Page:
When it comes to travel, I guess you might say my parents started me young. My first trip was as an infant. We flew from our home in southeastern Oregon to visit my Uncle Ed and his family in Detroit. I rode on my Dad’s lap and apparently saved him from vomiting all over everyone but, of course, I don’t remember any of that.
The first trip I actually remember was when I was three. My Mom and Aunt took me on a road trip to Petaluma, California for Uncle Hal’s funeral. I don’t remember Uncle Hal, or the funeral but I do remember that trip. I rode in the back seat of my Aunt’s two-door Subaru and we stopped at a magical place called “The Nut Tree” where a small train wound through palm trees (the Nut Tree is still there, check it out). Perhaps most significantly, while sitting in my great-aunt’s tiny kitchen at the center of their octagonal tower-home that I learned that everyone likes oatmeal…providing they put enough honey in it.
That first trip was what it is all about: I experienced the thrill of new places and I learned to like unusual (to a three-year-old me) food.
That first trip to Petaluma, California was just the beginning. Two years later, my parents moved our family to Sanaa, Yemen where they accepted jobs as teachers at an international school. From then on, we spent our summers roaming Europe or on frantic American road trips in the futile effort to squeeze visits to every distant relative into a six-week window.
We traveled in Yemen too. I was one of the fortunate people who lived in Yemen during the relatively stable 1990’s. Sure, there was the (first) Gulf War when Yemen took Sadam’s part and the streets of Sanaa filled with hundreds pro Sadam protesters. Later there was the short, but noisy civil war. Overall, though, the country was open for tourism. In the 90’s we traveled to Marib and picnicked on the sand dunes that half-covered the pillars of Sheba’s Temple Arsh Belqis. We traveled the flat expanses of the Wadi Hadramaut twice before there was a road. We drove the coast from Hodeida to Mocha speeding along the wet sand as the incoming tide licked at our tires. Then we slept in the hotel lobby because the staff canceled our reservation to make room for a government official.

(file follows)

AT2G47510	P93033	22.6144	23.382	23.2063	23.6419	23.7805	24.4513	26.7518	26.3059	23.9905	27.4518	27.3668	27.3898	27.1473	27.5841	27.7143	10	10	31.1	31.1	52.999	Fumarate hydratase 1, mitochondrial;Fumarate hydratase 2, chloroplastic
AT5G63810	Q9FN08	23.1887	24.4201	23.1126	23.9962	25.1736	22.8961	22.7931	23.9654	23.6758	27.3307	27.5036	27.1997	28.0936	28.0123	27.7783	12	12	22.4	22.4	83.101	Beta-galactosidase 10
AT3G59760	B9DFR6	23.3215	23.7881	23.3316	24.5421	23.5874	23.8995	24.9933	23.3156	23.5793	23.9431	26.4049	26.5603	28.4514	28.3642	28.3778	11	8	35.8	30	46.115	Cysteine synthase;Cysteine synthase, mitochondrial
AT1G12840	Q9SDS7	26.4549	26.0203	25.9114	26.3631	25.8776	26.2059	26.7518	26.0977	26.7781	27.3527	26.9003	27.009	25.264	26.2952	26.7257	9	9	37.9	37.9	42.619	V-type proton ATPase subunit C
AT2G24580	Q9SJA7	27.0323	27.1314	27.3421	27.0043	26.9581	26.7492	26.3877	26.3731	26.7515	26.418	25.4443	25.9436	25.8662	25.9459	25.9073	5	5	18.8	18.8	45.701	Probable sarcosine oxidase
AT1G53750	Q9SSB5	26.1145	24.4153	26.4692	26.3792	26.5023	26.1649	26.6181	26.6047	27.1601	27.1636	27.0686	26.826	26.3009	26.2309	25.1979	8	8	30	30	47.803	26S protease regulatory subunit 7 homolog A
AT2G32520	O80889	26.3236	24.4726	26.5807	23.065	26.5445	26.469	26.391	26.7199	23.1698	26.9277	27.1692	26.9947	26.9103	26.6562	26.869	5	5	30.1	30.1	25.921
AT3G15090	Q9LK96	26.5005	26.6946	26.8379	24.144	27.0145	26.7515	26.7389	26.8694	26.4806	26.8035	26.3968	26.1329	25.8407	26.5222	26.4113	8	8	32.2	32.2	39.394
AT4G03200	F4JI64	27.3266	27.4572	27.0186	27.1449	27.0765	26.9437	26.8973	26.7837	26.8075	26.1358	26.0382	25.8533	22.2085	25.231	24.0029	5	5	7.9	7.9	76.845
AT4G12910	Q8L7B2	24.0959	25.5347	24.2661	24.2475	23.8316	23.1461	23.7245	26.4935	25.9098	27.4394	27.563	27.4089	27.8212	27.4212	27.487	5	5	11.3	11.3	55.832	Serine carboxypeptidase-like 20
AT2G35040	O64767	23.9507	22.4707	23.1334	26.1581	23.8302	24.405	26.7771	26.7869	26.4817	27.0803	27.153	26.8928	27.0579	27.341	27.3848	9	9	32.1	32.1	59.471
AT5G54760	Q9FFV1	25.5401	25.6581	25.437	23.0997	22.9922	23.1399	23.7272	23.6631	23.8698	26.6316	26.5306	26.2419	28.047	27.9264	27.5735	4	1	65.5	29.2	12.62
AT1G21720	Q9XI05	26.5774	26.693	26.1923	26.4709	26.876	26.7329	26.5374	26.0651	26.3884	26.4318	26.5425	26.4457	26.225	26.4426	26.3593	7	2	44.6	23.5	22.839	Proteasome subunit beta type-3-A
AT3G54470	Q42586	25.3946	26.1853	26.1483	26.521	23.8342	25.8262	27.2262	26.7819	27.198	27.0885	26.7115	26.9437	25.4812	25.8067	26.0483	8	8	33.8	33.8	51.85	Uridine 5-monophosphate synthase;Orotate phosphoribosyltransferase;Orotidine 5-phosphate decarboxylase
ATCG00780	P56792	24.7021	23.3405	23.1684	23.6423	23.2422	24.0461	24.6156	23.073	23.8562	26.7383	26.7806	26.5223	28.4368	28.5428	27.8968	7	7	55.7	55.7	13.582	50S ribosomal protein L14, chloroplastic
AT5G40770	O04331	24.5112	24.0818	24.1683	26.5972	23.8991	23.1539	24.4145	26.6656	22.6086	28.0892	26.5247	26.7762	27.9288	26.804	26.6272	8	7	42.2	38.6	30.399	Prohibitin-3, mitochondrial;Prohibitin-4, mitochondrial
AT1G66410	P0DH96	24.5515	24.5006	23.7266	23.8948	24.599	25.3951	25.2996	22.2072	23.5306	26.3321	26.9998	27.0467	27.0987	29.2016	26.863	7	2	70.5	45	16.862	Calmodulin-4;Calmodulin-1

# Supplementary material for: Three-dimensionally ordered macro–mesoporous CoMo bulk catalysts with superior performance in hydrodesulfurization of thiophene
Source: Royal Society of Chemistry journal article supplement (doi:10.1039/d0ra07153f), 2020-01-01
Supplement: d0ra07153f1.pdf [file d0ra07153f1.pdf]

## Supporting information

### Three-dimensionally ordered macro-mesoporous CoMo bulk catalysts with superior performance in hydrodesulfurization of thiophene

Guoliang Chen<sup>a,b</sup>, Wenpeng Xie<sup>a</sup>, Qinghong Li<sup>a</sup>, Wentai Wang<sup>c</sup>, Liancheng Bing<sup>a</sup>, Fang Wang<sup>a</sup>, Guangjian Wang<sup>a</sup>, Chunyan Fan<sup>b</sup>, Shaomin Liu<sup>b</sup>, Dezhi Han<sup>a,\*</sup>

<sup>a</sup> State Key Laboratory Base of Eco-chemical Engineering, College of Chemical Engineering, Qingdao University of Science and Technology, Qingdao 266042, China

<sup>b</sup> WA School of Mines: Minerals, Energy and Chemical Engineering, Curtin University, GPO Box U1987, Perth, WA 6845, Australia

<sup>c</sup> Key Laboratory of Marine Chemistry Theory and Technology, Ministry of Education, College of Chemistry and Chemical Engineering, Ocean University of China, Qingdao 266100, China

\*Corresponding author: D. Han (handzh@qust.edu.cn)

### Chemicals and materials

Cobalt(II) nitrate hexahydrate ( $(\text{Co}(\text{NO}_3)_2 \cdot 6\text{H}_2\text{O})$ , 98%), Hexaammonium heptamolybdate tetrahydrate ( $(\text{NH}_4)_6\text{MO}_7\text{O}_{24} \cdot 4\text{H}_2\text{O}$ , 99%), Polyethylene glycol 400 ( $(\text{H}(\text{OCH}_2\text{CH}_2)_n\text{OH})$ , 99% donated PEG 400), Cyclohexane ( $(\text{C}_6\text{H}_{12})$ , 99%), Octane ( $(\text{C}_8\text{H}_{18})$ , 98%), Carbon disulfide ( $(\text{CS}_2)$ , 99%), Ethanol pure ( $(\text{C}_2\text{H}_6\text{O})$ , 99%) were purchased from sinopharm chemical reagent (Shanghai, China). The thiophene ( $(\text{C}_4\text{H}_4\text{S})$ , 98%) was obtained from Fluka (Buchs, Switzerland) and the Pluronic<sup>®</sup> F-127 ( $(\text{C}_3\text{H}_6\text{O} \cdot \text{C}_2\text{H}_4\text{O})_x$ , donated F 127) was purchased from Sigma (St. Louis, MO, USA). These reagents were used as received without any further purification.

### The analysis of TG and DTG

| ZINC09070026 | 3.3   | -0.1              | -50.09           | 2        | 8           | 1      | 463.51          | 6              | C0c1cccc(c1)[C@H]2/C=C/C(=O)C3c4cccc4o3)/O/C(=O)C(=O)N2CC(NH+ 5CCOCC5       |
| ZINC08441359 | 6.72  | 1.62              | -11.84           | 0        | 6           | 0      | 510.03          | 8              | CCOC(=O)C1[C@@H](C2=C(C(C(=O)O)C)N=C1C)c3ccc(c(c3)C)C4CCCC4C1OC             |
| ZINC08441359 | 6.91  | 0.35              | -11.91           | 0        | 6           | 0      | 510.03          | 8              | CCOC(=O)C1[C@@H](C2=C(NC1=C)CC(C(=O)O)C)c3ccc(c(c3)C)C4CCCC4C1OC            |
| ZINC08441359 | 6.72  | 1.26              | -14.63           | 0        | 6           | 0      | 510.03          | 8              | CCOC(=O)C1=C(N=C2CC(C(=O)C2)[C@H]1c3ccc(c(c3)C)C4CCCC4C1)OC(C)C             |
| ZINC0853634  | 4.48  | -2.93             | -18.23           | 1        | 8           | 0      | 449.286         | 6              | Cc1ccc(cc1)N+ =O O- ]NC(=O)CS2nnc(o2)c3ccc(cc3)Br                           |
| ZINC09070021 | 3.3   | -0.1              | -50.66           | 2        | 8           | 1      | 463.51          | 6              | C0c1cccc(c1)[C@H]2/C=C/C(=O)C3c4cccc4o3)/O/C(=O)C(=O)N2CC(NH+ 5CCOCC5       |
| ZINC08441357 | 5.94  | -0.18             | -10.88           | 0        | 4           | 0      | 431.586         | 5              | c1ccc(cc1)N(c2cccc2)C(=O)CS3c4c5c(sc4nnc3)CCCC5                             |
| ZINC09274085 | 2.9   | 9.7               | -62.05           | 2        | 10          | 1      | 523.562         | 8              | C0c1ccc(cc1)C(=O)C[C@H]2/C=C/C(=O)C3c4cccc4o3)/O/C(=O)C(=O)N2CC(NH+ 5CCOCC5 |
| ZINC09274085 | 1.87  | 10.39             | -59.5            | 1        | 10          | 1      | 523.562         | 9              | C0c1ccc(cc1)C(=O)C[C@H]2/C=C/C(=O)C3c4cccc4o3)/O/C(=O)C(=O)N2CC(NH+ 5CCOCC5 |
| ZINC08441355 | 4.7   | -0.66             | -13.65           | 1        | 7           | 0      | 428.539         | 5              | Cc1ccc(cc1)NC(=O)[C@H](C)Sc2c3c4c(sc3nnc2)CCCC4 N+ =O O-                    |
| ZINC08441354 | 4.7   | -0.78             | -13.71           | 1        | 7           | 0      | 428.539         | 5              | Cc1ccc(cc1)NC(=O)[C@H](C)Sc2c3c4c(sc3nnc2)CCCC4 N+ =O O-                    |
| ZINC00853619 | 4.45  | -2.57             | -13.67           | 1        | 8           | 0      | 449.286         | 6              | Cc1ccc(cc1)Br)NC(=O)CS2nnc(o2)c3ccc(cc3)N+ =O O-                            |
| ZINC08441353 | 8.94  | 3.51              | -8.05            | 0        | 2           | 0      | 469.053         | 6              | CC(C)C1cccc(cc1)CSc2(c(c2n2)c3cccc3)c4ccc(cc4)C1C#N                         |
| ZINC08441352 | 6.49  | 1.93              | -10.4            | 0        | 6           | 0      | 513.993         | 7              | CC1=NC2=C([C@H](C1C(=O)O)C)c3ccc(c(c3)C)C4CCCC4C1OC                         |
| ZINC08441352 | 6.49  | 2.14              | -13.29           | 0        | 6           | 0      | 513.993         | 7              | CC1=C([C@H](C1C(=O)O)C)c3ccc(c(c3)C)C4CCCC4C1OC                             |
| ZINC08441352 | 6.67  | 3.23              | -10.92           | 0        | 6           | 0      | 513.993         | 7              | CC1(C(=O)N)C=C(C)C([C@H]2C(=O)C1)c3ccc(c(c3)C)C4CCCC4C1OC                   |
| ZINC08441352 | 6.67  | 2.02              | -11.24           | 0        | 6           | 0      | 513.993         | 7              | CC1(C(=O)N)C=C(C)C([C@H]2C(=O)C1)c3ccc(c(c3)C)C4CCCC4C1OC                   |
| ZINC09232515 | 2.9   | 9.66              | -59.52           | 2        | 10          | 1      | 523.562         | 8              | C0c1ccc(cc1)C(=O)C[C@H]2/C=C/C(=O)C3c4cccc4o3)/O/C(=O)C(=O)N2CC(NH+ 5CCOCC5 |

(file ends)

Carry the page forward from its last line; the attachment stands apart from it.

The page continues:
When I left Yemen, finances and circumstances led me to travel less. Sure, I traveled to visit my sister in Kentucky or Washington DC, or Oregon, or New York, or New Mexico, or wherever she happened to live at the time, but mostly I moved. I moved from Oregon to Tacoma (WA), then across the country to Rochester (NY) for university. Then I moved to Philadelphia where I lingered for six years because I met some good people and didn’t want to leave. But in all that time I didn’t really travel.
It wasn’t until I made the same leap my parents did – into international teaching – that I began to travel again. I moved to Almaty, Kazakhstan to teach music and stayed for three years. My parents (still in Yemen) and I met up for holidays in Istanbul and Spain and Croatia. I joined group trips to Kyrgyzstan and Tajikistan and took crazy last-minute train trips on my own to Astana, Shymkent and Sayram.
As I learned to travel, I began to travel to learn. It seems like a cliché – something quoted by a thousand bloggers, writers and gap-year takers, but for me it is more than a clever saying. It is truth. I travel to understand myself, and also to understand those who are different from myself. I travel to study the many shades of beauty. The beauty of an honest and simple life is as remarkable as that of the profoundly orange sun setting over the Adriatic. I admire the unusual, and the absurd. I love that Tirana has a George W. Bush street and a Joan of Arc Boulevard and also that the tell-tale mark of a native Philadelphian is the desperate desire to leave Philadelphia.
Whether you are a fellow traveler, or are just dropping by to see what this is about, I hope you enjoy your time here. Oh, and please drop me a note. I love to hear from people!